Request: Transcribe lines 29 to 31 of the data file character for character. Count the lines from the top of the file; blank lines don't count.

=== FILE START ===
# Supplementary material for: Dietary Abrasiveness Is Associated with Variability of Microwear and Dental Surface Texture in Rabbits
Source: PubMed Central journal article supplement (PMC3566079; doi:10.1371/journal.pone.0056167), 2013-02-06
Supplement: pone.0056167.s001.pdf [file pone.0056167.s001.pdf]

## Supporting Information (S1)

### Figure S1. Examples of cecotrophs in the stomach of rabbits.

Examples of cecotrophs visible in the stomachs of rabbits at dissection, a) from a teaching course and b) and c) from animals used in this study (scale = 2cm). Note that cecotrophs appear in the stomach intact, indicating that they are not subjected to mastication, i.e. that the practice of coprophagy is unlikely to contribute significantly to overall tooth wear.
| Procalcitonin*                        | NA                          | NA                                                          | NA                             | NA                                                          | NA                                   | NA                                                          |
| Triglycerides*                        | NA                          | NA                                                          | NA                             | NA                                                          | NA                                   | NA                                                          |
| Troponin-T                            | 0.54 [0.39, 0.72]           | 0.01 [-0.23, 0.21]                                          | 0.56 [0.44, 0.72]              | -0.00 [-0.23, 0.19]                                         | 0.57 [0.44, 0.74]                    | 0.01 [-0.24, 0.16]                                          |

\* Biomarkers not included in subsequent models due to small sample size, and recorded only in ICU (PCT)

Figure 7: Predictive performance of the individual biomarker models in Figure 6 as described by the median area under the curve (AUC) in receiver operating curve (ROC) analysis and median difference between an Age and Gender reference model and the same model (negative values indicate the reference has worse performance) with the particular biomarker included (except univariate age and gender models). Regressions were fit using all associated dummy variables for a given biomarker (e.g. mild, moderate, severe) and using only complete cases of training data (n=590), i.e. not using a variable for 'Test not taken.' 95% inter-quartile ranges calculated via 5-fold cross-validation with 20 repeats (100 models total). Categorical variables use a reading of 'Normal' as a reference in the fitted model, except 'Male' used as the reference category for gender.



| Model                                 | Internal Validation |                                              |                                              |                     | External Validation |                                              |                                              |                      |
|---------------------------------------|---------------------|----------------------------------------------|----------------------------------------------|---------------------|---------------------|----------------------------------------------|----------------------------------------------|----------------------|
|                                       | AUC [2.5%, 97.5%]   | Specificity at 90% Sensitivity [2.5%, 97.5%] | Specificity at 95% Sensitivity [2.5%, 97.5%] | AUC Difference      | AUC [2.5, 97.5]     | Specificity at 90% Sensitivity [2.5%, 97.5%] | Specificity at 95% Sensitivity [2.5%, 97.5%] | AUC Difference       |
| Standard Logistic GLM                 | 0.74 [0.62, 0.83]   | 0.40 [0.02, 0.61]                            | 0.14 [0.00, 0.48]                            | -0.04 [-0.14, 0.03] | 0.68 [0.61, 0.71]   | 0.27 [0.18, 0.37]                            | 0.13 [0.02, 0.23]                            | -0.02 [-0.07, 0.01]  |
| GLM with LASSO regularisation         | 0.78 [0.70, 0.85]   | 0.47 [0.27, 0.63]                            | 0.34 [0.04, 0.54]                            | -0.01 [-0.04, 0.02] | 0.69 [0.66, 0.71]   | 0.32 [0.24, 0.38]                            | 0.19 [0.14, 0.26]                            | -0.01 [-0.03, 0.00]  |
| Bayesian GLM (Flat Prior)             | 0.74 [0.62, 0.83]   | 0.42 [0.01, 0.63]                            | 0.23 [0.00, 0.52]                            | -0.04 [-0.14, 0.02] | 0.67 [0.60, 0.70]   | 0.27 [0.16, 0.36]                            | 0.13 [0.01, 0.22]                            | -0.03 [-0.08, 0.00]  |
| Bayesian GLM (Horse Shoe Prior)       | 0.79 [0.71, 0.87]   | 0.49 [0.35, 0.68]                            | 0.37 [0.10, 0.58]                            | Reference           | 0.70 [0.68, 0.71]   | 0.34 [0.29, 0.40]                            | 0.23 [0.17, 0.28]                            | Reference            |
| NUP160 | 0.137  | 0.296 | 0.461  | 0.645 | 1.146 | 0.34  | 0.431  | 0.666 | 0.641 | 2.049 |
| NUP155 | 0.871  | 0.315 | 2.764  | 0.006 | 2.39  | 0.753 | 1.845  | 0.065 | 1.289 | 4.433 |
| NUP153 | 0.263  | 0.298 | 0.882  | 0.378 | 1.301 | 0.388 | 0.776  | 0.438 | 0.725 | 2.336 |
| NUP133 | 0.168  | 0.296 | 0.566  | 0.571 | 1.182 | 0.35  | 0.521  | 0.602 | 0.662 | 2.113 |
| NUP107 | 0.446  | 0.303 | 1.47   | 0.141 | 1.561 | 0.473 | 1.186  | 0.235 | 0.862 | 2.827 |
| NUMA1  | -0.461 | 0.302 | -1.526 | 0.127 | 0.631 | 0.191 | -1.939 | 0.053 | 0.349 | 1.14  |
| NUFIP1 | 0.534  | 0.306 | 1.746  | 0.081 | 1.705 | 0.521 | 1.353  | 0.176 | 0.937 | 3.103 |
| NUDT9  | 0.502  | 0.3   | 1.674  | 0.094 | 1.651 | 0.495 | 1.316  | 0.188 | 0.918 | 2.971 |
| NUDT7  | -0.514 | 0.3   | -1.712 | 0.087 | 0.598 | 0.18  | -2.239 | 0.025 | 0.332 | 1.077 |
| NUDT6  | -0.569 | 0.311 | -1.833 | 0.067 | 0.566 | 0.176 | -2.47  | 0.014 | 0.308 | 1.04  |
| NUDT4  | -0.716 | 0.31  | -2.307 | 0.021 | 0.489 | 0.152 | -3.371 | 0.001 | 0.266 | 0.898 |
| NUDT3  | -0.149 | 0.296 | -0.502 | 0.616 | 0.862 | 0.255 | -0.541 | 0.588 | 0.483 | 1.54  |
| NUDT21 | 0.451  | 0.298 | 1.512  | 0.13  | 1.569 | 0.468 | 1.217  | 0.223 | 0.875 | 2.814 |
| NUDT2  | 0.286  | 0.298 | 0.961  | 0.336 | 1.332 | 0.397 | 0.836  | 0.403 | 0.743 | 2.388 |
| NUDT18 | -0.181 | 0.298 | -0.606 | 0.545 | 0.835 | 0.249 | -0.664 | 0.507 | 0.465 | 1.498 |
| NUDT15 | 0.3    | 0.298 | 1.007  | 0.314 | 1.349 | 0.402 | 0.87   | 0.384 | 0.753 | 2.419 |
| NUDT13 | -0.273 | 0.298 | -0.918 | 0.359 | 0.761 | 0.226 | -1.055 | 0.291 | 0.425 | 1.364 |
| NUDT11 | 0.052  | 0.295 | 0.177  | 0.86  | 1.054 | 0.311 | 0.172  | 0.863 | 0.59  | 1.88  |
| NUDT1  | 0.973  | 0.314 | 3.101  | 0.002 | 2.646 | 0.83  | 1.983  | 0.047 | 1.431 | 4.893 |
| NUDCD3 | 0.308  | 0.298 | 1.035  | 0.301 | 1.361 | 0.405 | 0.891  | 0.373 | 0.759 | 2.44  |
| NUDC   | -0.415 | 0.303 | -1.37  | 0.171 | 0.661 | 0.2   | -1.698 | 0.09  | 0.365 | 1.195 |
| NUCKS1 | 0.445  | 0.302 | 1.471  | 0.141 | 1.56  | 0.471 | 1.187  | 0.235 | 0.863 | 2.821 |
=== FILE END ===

| NUDT4  | -0.716 | 0.31  | -2.307 | 0.021 | 0.489 | 0.152 | -3.371 | 0.001 | 0.266 | 0.898 |
| NUDT3  | -0.149 | 0.296 | -0.502 | 0.616 | 0.862 | 0.255 | -0.541 | 0.588 | 0.483 | 1.54  |
| NUDT21 | 0.451  | 0.298 | 1.512  | 0.13  | 1.569 | 0.468 | 1.217  | 0.223 | 0.875 | 2.814 |